Giving to charity doesn’t make you a good person, but it sure helps. Charity should be the luxury of the blessed, and without the generosity of these big-hearted citizens, the world would be a wretched place.
According to TurboTax data, people with an average gross income (AGI) between $30,000 and $50,000 gave around $2,000 to charity last year. Those with an AGI between $50,000 and $100,000 gave a bit more than $2,600 on average, and those making $250,000 or more gave a whopping $28,110 on average. Where do you fall on this spectrum?
Choosing the Right Charity
Selecting the right charity for you should come from your heart first and foremost, but that doesn’t mean you should pull out your checkbook the second a commercial about tortured animals grabs your attention. If you have a soft spot for animals, children, the environment, teaching urban youth to read instead of just throwing a fistful of your income at them, do the research and make sure the non-profit you choose qualifies for tax deductions and is, in fact, what they say they are.
There are plenty of charities that are fake, which makes protecting your charitable finances essential. Sites like Lifelock.com on Crunchbase.com can help you navigate potentially murky waters of the faux non-profit world.
Investigating Tax Breaks
When you’ve selected the charity or charities closest to your heart and ensured their validity through research, it’s time to figure out how your donation will factor into your taxes. Many people are sorely out of the loop when it comes to understanding how charitable giving affects their taxes. A dedicated blog to money managing and frugality called The Simple Dollar explains it like this: “Charitable giving works exactly the same way [as standard income tax deduction]. Every dollar you donate to a registered charity becomes a deduction on your taxes, just like a standard deduction.”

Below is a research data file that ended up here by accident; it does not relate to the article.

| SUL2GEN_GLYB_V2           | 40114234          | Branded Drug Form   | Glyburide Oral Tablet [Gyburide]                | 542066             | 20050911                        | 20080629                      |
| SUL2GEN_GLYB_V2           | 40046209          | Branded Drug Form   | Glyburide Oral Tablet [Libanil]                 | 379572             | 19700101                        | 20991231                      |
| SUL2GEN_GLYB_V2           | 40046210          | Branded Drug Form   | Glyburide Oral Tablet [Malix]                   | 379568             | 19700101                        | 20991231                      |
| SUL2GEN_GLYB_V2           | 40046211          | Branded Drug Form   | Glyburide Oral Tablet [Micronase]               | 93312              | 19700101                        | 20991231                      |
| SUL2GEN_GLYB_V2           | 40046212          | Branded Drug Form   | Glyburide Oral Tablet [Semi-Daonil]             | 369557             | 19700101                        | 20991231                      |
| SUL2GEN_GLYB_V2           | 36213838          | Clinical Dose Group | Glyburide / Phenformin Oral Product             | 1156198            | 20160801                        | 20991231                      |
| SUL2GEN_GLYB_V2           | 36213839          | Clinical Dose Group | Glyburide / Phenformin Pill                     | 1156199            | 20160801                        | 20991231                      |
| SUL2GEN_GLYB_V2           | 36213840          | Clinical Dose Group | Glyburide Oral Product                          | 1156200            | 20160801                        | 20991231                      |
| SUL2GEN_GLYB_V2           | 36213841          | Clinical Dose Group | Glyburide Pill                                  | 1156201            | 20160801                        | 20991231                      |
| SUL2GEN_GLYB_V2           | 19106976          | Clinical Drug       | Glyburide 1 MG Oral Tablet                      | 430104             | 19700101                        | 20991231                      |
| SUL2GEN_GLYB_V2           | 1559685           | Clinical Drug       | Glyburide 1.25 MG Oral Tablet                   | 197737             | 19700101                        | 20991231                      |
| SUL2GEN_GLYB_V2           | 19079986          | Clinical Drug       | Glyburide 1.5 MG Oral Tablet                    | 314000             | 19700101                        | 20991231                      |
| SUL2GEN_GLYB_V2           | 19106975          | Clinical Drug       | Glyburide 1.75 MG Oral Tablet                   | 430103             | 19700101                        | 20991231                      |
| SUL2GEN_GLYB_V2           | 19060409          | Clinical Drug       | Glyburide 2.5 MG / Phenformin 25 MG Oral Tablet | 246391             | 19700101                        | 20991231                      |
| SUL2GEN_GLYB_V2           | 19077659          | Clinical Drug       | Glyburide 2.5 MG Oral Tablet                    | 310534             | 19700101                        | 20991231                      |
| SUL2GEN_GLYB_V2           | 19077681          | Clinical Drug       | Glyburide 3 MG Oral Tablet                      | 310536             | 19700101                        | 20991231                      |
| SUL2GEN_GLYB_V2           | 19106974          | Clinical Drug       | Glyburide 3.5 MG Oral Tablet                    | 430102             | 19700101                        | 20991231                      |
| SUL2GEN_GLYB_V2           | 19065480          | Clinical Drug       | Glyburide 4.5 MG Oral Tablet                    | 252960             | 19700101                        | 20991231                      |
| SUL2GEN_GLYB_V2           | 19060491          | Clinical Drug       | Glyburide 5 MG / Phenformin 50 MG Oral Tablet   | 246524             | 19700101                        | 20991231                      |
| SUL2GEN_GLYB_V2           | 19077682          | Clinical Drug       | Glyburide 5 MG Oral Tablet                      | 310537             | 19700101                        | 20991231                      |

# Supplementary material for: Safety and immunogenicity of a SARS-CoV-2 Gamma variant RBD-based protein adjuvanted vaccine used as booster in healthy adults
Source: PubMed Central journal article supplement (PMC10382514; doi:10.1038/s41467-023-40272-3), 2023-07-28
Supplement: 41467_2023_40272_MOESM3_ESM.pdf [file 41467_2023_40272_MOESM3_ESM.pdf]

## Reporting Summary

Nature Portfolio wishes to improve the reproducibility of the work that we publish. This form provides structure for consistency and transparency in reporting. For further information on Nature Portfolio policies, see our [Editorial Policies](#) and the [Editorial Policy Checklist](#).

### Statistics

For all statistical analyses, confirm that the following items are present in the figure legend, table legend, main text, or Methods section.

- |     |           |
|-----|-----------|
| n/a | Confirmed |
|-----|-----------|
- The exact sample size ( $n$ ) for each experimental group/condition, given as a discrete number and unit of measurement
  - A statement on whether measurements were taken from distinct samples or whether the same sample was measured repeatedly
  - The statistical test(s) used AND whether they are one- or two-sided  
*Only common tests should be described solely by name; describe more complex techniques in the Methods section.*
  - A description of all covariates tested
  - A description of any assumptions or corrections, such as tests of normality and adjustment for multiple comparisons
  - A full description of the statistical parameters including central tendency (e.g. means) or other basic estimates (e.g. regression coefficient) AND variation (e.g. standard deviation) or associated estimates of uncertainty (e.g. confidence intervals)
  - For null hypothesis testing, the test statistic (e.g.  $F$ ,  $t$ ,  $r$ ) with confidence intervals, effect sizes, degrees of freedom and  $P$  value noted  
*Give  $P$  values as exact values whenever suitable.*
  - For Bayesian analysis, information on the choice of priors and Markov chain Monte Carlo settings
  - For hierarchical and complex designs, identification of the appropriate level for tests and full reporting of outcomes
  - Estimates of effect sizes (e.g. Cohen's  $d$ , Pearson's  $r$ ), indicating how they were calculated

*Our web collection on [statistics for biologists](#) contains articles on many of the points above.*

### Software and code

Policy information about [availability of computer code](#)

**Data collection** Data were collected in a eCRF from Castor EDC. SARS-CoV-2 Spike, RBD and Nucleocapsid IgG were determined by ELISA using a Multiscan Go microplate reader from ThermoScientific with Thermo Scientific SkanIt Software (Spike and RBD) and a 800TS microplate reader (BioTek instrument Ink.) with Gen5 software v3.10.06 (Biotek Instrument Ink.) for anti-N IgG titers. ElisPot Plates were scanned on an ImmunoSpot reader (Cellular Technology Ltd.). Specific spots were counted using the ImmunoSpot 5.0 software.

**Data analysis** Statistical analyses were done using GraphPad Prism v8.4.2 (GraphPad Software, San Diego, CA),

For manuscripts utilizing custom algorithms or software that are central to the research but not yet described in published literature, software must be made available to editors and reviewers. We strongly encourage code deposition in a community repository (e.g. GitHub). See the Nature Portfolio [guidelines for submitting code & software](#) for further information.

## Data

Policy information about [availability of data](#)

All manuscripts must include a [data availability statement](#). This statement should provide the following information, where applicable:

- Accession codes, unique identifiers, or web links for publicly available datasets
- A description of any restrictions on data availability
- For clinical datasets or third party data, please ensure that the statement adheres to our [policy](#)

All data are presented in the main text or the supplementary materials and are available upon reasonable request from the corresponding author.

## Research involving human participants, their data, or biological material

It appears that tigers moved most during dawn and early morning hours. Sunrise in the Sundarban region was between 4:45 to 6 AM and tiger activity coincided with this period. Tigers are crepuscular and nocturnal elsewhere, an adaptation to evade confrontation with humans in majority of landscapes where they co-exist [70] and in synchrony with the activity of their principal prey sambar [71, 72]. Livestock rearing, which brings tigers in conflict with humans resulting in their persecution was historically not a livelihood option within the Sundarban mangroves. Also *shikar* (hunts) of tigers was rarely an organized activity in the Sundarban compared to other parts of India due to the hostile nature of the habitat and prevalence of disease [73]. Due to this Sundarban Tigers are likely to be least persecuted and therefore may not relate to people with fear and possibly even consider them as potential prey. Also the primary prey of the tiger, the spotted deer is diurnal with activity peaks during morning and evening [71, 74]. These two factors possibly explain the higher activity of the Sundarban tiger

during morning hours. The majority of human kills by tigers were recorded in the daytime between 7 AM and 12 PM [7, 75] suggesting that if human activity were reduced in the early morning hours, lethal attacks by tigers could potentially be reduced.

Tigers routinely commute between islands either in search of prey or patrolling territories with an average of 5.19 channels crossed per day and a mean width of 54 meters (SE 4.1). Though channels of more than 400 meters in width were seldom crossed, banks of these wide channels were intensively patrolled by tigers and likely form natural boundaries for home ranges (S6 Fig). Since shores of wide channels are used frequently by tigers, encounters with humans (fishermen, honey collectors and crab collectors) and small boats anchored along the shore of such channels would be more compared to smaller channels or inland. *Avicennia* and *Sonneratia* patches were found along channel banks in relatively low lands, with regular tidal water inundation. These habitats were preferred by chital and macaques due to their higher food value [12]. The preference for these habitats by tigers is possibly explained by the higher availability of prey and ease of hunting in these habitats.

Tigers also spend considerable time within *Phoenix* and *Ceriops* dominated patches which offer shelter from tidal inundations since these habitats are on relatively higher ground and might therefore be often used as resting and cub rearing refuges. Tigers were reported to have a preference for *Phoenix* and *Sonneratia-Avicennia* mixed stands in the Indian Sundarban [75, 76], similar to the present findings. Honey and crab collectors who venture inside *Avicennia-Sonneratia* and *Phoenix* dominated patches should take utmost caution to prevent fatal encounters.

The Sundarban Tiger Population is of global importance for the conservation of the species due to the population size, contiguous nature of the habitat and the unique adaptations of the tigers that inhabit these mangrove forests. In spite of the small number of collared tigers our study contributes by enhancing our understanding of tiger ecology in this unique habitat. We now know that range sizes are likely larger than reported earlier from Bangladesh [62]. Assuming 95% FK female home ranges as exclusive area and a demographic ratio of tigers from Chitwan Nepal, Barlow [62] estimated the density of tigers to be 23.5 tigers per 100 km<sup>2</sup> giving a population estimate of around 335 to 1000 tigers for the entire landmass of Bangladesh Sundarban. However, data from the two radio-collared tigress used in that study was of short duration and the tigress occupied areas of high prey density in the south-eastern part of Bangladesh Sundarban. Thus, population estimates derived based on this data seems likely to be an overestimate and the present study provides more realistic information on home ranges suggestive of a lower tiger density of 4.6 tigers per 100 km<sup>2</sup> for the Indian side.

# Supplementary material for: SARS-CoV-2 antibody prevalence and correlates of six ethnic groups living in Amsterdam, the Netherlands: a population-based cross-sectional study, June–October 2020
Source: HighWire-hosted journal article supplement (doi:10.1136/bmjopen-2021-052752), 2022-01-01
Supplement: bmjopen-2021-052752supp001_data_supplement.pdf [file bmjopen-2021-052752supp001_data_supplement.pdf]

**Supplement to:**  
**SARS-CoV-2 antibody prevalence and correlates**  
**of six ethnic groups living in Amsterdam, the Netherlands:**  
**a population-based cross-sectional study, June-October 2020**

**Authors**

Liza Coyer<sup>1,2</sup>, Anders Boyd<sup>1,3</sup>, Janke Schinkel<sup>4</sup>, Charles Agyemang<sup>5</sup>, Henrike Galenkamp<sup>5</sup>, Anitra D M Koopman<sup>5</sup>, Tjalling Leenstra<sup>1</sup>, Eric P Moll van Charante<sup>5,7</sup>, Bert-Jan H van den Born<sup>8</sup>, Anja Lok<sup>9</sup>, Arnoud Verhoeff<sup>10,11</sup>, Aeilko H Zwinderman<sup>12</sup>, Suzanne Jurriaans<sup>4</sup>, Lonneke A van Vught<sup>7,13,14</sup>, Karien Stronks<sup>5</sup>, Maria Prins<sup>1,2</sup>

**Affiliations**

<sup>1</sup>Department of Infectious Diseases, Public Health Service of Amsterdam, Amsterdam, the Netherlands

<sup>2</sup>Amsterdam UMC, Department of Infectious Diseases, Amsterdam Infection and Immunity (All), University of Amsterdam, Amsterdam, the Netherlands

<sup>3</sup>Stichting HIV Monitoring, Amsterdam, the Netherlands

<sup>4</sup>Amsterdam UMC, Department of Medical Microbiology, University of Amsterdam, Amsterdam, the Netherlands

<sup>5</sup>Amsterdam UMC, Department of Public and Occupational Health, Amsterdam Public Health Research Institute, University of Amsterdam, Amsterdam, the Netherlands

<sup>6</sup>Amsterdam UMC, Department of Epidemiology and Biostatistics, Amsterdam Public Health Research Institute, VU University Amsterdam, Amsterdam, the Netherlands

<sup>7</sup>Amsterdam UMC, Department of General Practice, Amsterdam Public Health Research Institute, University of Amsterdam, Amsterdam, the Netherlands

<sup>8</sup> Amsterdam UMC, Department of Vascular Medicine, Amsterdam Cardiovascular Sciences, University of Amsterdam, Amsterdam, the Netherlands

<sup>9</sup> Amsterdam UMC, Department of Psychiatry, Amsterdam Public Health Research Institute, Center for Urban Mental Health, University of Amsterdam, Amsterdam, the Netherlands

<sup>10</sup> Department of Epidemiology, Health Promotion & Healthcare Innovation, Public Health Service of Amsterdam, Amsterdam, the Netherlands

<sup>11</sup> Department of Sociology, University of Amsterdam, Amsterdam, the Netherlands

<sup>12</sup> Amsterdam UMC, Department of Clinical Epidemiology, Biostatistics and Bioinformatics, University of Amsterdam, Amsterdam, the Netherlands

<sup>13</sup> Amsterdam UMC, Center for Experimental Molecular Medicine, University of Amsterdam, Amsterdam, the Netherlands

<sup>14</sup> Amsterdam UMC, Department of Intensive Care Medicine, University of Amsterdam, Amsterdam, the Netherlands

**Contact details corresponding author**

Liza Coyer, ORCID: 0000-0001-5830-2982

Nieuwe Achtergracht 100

With an income of $50,000, if a person donates $5,000 to his church and $2,000 to Doctors Without Borders, and another $2,000 to the Humane Society- that total is $9,000.
From that, the person can either subtract his standard deduction ($5,800) or he can subtract his charitable donations ($9,000). This means that taxable income— the amount he pays on his federal income taxes— would likely be $41,000. So that means instead of paying income tax deductions on the full $50,000, they would owe $6,375, effectively saving $2,250 and accounting for 25 percent of their initial donation.
Don’t Allocate Based on Overhead
This is a mistake that almost all of us have fallen victim to when choosing a charity. We hear urban legends of nonprofit CEO groups sitting pretty in their penthouses, using your donations for caviar while the orphans are suffering. While there are a few awful cases of things like this happening, it’s generally not the case for well-established, well-researched nonprofits.
Unfortunately, what ends up happening is that people will specify or allocate their money to what they believe is the most important part of the charity (building houses, food) because, why pay for administrative supplies when there are people in need? The humor site Cracked.com notes: “Picture your own workplace. Which would help you do a better job: modern equipment, contemporary training and competent employees— or a bunch of random hippies your boss pulled off the street, all of you sharing a single Amstrad 286 with a Cyrillic keyboard?” When we choose charities based on their low overhead we are actually encouraging them to cut corners.